What is the Annual Gift Tax Exclusion and how does it work?

Currently for 2023, you can give any number of people up to $17,000 each in a single year without incurring a taxable gift ($34,000 for spouses “splitting” gifts.  The recipient typically owes no taxes and doesn’t have to report the gift unless it comes from a foreign source.

The US Internal Revenue Service has announced that the annual gift tax exclusion is increasing in 2024 due to inflation. The exclusion will be $18,000 ($36,000 for spouses “splitting gifts”) per recipient for 2024.

Here’s an example: If you’re married and have two married children and four grandchildren, you and your spouse can give up to $34,000 in 2023 ($36,000 in 2024) to each of your kids, their spouses, and all the grandchildren without even having to file a gift tax return or pay any tax. That’s $272,000 ($288,000 in 2024) in tax-free gifts. Just remember that the $17,000/$34,000 ($18,000/$36,000 in 2024) limit is an annual limit. So, you must make your gifts before December 31 each year (gift checks must also be deposited by that date).

What if you exceed the annual gifting limits – Lifetime Gift Limit?

If your gift exceeds $17,000 ($18,000 in 2024) to any person during the year, you must report it on a gift tax return (IRS Form 709). Spouses splitting gifts must always file Form 709, even when no taxable gift is incurred. Once you give more than the annual gift tax exclusion, you begin to eat into your lifetime gift and estate tax exemption.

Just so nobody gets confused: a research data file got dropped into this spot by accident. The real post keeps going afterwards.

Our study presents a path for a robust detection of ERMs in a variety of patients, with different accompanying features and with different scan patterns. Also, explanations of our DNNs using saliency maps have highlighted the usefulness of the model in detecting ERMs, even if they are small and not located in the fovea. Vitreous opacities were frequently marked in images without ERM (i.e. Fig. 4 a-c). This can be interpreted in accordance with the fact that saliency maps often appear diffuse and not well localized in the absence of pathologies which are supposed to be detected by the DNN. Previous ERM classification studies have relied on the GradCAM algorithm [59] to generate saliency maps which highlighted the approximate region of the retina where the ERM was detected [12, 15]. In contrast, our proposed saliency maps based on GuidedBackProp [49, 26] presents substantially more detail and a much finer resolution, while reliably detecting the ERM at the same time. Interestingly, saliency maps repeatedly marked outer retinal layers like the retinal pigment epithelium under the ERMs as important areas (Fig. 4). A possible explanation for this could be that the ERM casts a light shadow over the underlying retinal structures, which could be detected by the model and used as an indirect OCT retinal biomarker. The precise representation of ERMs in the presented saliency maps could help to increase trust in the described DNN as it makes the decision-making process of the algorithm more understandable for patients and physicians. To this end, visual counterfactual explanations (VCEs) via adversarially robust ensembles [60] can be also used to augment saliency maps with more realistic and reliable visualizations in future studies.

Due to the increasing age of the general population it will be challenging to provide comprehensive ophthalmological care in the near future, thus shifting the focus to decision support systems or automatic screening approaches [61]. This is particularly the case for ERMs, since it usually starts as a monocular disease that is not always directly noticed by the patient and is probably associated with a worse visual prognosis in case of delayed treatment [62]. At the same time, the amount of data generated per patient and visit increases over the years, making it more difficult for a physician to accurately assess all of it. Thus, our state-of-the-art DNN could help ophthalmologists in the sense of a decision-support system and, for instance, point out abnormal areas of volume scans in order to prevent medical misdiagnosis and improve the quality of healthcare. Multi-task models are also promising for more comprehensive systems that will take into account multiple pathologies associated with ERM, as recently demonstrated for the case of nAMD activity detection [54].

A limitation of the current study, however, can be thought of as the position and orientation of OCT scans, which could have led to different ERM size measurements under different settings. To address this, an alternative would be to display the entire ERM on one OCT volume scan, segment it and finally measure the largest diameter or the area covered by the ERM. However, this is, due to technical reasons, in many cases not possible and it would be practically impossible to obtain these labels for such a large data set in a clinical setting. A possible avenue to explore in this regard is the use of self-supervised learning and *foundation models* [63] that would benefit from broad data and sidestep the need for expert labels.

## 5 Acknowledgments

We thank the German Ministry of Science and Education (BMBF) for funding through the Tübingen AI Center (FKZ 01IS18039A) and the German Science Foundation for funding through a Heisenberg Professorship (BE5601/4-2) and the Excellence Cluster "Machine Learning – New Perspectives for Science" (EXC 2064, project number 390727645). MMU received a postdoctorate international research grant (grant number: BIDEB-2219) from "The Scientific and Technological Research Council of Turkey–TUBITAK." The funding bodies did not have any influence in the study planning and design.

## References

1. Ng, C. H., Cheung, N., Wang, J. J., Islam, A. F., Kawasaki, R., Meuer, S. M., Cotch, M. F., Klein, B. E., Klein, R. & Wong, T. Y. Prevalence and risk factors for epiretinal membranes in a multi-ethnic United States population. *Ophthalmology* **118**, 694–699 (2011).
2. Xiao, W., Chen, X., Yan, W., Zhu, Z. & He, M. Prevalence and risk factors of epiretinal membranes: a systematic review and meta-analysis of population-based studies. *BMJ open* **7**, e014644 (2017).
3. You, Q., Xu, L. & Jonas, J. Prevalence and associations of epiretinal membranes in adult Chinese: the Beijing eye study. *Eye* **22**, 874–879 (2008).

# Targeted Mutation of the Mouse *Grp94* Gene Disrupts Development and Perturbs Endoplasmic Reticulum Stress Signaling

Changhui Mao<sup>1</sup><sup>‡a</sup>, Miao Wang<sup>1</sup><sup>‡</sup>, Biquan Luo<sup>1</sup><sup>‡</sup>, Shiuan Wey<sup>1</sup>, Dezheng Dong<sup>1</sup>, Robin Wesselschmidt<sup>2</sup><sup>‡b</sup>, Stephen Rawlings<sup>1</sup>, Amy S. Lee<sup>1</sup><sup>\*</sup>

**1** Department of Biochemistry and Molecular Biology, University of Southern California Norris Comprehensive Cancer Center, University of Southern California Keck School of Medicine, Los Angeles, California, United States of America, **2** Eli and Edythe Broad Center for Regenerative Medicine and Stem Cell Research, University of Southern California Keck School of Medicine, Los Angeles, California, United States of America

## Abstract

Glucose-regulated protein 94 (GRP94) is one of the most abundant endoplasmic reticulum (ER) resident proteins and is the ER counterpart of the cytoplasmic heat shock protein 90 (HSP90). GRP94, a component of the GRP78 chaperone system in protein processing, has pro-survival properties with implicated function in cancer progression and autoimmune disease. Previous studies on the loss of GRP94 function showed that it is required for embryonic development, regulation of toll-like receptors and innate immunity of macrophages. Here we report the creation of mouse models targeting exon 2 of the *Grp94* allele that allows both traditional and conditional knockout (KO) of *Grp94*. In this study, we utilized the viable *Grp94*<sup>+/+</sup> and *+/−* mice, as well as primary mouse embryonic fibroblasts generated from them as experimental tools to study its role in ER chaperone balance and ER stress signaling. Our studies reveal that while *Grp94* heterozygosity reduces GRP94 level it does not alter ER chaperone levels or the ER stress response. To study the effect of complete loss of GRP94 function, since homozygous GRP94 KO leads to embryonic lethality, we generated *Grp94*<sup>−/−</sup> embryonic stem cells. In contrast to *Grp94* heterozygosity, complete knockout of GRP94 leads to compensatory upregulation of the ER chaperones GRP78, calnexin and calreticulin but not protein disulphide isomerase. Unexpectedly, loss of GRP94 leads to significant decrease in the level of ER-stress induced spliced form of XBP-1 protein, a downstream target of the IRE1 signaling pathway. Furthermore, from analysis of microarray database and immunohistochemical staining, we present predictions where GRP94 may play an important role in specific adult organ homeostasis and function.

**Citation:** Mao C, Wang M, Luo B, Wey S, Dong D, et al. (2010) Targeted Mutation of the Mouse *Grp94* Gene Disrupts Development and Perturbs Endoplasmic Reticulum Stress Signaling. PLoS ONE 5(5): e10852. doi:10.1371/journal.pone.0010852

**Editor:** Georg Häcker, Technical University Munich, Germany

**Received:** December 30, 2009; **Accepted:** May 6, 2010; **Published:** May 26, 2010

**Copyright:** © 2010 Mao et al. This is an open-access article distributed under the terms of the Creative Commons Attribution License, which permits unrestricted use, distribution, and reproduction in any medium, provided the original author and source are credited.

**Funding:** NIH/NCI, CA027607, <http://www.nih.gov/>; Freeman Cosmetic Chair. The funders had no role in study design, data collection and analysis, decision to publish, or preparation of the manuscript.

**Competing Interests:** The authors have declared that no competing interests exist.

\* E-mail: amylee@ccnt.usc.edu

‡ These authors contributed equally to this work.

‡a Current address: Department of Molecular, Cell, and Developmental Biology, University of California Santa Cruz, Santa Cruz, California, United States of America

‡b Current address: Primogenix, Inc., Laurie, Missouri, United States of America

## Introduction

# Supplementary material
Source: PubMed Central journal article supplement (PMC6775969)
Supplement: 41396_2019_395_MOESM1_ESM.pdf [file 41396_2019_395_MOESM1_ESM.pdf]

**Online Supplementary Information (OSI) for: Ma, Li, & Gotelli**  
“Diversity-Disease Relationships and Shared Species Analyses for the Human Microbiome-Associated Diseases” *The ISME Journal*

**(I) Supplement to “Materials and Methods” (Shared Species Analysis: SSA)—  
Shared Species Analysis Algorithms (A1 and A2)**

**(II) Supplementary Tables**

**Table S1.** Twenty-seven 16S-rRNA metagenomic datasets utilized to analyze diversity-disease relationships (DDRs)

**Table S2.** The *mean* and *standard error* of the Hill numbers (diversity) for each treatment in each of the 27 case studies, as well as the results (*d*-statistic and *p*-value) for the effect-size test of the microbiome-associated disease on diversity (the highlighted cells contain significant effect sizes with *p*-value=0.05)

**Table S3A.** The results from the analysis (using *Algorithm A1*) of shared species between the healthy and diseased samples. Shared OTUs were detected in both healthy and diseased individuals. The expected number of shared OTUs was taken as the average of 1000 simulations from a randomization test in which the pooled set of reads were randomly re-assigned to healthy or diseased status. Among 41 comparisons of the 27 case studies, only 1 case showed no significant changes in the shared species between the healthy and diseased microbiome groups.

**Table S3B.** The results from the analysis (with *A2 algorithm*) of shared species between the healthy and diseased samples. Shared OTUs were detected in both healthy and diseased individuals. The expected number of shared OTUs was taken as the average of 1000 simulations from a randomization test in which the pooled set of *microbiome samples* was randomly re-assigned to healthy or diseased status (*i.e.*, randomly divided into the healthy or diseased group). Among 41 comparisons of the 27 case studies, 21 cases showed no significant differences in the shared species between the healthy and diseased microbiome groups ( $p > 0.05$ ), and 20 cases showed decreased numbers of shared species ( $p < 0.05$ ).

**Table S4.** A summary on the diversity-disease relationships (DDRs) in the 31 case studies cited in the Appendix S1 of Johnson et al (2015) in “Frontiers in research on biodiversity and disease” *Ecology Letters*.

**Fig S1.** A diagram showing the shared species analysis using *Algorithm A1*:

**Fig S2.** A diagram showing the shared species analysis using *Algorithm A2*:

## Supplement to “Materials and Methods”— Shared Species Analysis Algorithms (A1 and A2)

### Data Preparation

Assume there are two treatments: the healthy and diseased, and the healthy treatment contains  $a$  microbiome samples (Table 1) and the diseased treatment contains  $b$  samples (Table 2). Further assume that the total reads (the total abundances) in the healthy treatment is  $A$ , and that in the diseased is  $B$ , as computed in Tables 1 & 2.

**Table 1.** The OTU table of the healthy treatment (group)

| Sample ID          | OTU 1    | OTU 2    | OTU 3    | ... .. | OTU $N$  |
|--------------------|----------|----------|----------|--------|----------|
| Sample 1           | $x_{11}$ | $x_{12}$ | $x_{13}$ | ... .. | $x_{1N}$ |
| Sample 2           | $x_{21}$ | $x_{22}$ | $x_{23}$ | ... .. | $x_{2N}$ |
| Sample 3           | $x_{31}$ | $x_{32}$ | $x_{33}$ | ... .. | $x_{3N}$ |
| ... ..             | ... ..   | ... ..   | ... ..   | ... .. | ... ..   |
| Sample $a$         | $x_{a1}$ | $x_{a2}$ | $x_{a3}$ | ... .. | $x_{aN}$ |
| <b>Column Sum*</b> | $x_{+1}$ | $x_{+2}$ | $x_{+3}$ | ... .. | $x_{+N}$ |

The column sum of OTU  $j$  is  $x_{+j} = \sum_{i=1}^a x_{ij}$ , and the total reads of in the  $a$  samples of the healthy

You have a $12.92 million federal estate tax exemption for 2023. The $12.92 million exemption applies to gifts and estate taxes combined—any portion of the exemption you use for gifting will reduce the amount you can use for the estate tax. The IRS refers to this as a “unified credit.” Each donor (the person making the gift) has a separate lifetime exemption that can be used before any out-of-pocket gift tax is due. In addition, a couple can combine their exemptions to get a total exemption of $25.84 million.

Starting January 1, 2024, the federal lifetime gift and estate tax exemption amount will increase to $13.61 million per person. This increased exemption amount means that individuals can transfer up to $13.61 million tax-free during their lives or at death, and married couples can transfer up to $27.22 million. It also means that, even if you have already gifted away your full exemption amount of $12.92 million in 2023, you have up an additional $690,000 to give away in 2024 (or an additional $1.38 million for married couples).